Meet Dr. Ashoke Sathy
Orthopaedic Trauma Surgeon
Dislocating the knee takes a lot of force. It’s the largest joint in the body and is held tightly together by ligaments. When events like a car crash tear these connections apart, UT Southwestern Medical Center’s Assistant Professor of Orthopaedic Surgery Ashoke Sathy, M.D., is ready. A trauma surgeon who’s highly trained in reconstructing the dislocated knee, Dr. Sathy says many patients can return to their pre-injury status with treatment.
We do a good job here of managing complex periarticular injuries like pilon fractures, calcaneus fractures, and polytrauma.”
Fixing a dislocated knee is generally a multi-step procedure. First, the surgeon uses open surgical techniques to fix the rear part of the knee (the posterolateral and posteromedial corners, or PLC and PMC). After that come repairs to the posterior cruciate ligament (PCL) and the anterior cruciate ligament (ACL); these are done in large part with the minimally invasive arthroscope.
Once the anesthesia wears off, it’s the patient’s turn. “There’s a pretty elaborate postop rehab protocol that extends for six months after the surgeries, so patients need to really be diligent with their physical therapy,” says Dr. Sathy. Immediately following surgery, he adds, it’s crucial to begin range-of-motion exercises to avoid getting stiff.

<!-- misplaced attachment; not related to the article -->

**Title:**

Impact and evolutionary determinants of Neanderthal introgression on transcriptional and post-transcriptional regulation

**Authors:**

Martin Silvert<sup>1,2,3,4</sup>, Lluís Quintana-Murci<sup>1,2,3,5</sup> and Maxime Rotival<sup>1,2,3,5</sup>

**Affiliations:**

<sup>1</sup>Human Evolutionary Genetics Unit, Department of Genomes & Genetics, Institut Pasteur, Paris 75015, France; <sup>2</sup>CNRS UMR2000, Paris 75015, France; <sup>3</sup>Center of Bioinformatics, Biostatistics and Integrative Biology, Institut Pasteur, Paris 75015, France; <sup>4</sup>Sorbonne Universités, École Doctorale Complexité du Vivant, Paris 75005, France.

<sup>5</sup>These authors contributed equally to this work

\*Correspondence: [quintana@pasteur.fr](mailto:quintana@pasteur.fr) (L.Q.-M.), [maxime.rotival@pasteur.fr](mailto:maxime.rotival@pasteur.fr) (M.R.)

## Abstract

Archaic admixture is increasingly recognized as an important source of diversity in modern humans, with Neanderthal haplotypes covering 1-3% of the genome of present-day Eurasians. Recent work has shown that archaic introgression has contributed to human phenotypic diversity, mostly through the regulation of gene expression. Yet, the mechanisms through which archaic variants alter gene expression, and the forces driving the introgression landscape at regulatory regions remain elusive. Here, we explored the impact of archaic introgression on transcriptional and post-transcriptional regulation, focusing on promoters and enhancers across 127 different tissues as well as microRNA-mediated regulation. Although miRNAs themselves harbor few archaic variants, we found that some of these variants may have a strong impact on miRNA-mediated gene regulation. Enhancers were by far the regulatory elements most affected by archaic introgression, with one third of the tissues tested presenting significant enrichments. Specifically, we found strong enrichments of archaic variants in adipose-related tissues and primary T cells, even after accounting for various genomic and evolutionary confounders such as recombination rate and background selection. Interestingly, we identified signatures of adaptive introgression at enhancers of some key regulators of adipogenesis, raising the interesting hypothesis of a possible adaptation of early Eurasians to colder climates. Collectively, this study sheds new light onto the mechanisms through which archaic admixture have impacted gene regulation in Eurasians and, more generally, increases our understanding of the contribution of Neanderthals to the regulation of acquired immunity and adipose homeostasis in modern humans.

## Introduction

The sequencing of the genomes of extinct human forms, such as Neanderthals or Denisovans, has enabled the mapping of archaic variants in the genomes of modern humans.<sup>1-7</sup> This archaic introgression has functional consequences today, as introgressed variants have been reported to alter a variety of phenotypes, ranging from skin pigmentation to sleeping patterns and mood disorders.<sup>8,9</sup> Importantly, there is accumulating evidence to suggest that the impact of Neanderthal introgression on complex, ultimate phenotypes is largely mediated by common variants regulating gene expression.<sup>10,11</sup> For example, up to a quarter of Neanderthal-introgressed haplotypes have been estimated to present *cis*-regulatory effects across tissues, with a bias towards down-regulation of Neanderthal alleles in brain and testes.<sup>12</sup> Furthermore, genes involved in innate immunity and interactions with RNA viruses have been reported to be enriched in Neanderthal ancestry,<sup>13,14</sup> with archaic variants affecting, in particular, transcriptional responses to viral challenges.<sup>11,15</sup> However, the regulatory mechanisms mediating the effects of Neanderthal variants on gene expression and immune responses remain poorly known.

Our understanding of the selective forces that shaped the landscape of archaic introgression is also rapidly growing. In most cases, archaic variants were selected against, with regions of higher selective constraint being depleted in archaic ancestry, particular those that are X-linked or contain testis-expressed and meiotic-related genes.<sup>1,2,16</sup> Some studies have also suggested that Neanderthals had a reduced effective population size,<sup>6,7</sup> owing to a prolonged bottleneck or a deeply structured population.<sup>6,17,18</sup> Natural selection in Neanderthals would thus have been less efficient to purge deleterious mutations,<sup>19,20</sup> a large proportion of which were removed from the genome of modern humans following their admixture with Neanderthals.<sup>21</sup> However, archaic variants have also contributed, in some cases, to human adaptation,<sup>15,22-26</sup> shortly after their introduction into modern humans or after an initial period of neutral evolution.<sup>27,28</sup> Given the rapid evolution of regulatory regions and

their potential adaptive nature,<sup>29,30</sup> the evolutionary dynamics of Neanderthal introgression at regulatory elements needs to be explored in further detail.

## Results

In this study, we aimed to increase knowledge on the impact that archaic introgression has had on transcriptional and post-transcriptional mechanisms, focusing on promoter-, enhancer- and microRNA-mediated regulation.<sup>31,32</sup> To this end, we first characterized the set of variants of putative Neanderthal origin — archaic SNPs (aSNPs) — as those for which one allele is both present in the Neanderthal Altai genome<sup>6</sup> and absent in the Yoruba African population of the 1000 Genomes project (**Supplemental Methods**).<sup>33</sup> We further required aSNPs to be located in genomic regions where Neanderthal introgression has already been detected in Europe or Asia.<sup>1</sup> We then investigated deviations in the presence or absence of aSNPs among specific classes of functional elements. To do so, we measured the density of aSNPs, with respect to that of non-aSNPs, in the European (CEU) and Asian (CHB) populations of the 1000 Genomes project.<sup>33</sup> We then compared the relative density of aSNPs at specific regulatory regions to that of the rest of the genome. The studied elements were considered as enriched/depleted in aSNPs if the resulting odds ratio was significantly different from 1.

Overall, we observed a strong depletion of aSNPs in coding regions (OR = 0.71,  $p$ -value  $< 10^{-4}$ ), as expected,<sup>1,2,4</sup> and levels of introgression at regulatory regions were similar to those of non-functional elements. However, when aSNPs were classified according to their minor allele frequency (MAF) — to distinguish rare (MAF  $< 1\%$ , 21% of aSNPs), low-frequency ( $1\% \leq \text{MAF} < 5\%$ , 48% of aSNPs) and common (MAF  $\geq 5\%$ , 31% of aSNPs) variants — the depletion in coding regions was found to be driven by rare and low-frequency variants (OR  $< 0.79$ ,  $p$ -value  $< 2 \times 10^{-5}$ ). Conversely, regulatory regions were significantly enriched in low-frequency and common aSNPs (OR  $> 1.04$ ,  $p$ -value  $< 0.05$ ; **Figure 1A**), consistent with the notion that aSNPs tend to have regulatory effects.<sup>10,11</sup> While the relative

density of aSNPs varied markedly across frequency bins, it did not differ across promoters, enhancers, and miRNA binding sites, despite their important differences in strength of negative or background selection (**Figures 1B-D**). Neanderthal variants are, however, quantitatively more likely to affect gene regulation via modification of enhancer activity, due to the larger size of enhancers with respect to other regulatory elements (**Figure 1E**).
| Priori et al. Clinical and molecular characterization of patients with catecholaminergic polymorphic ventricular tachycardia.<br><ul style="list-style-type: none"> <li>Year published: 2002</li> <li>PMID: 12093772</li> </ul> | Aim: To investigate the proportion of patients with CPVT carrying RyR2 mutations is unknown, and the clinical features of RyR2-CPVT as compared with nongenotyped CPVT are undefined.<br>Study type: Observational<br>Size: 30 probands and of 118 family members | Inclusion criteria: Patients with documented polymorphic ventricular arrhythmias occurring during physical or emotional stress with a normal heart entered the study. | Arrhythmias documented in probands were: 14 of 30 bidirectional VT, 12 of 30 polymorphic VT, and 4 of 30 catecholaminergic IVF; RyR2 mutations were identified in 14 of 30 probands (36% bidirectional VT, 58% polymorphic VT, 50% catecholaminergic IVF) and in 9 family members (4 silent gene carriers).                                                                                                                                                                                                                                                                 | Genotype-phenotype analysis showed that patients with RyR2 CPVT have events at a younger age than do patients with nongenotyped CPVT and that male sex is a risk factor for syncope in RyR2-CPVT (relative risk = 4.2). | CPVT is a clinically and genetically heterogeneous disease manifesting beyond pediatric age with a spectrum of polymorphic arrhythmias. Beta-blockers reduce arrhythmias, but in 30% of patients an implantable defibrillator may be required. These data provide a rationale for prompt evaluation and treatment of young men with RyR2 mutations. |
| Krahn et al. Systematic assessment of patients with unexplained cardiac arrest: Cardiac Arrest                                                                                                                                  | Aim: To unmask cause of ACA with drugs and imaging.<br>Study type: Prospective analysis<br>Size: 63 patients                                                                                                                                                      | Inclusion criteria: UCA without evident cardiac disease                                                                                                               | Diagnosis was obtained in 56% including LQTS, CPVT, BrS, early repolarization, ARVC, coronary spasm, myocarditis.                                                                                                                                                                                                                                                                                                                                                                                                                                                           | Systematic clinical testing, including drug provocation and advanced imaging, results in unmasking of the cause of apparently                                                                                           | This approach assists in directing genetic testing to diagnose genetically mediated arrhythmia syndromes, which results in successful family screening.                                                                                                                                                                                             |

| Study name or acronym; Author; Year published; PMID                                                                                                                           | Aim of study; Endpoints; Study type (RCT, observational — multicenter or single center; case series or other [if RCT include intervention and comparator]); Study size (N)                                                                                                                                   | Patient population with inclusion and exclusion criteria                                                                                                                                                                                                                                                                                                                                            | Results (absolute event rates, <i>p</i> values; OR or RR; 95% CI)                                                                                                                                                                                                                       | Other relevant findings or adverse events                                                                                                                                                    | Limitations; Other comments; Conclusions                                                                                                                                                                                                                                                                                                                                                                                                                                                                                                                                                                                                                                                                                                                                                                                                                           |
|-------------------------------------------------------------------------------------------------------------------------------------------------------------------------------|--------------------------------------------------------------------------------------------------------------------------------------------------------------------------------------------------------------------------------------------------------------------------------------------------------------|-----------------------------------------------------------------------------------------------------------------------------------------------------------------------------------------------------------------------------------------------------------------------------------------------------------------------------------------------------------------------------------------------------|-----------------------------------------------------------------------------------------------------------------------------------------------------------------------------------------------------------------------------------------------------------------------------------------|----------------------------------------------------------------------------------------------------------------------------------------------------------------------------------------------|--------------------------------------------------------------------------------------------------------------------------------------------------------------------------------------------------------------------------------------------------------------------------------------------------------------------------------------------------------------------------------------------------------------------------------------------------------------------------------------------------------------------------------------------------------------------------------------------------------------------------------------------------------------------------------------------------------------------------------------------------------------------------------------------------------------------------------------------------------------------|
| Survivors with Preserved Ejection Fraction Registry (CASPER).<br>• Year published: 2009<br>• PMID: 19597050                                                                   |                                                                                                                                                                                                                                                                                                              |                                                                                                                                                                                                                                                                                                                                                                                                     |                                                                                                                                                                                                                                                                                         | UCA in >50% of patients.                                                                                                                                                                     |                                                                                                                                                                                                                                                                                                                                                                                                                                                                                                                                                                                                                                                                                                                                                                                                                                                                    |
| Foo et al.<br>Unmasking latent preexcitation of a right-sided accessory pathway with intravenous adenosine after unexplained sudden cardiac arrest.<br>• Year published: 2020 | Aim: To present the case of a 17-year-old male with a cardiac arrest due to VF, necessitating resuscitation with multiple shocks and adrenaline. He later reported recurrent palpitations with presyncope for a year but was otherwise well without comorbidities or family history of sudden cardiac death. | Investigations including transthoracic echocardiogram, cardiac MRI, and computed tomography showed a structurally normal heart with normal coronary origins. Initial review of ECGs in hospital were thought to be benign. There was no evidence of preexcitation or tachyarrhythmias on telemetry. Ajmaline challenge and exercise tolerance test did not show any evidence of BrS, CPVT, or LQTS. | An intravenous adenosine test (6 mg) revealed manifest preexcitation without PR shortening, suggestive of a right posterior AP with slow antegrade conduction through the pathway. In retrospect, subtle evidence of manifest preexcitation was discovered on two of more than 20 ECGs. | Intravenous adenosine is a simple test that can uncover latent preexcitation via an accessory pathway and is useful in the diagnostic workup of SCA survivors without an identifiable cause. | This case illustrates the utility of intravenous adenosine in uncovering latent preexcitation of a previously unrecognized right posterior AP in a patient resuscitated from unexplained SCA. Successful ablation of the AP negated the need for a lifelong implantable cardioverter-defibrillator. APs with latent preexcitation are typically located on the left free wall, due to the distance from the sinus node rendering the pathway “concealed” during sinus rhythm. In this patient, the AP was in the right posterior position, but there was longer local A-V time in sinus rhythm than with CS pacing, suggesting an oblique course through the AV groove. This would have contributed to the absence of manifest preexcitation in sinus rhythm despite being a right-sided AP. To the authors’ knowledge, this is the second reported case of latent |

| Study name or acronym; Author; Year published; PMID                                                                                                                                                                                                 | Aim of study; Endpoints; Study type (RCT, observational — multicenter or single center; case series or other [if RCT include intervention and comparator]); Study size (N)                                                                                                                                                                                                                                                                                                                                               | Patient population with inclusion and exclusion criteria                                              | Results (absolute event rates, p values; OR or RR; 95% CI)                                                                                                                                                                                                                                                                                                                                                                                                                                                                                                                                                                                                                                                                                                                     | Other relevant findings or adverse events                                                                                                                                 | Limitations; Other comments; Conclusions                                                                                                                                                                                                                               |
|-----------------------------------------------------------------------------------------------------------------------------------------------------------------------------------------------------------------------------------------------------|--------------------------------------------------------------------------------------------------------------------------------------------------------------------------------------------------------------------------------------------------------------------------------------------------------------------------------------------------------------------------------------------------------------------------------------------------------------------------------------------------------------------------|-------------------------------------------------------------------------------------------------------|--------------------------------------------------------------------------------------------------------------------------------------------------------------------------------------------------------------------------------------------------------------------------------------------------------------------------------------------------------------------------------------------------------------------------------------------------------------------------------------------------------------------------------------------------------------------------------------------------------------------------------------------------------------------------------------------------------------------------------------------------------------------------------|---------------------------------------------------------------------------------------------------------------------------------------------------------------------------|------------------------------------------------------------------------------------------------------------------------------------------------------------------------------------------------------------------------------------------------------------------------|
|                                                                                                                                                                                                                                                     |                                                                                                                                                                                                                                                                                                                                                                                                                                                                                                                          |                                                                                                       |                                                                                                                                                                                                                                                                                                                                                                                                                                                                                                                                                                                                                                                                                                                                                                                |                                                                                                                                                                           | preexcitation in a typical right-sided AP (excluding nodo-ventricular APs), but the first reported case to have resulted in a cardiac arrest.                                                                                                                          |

“Part of that is up to us – we’ve got to reconstruct it with stable fixation to allow for early range of motion. That’s where our reconstruction techniques come in,” Dr. Sathy says. “A lot of times we’ll supplement it with a hinged external fixator (brace), which allows them to move their knee and still protect the repair.”
Maintaining range of motion is so crucial that patients may need a follow-up operation to break up tight scar tissue.
Although he meets most of his patients after they’ve come into an ER with a knee or bone injury, Dr. Sathy also sees non-emergency cases through his private practice, many with old bone injuries that haven’t healed properly – malunions and nonunions. With surgery, these can be repaired, leaving the patient better able to use the limb and with less pain.
- Orthopedic trauma
- High energy trauma
- Anterior cruciate ligament (ACL) repair
- Knee dislocation
- Multiligamentous knee injuries
- Acetabular fracture
- Ankle syndesmosis injury fixation
- Calcaneus fracture
- Femur fracture
- Humerus fracture
- Infix for pelvic fracture
- Pelvic fracture
- Percutaneous fracture repair
- Periarticular fracture
- Pilon fracture
- Posterior cruciate ligament (PCL) repair
- Posterolateral corner (PLC)
- Posteromedial corner (PMC)
- Gastrocnemius flaps
- Rotational flaps
- Soleus flaps
- Tibial fracture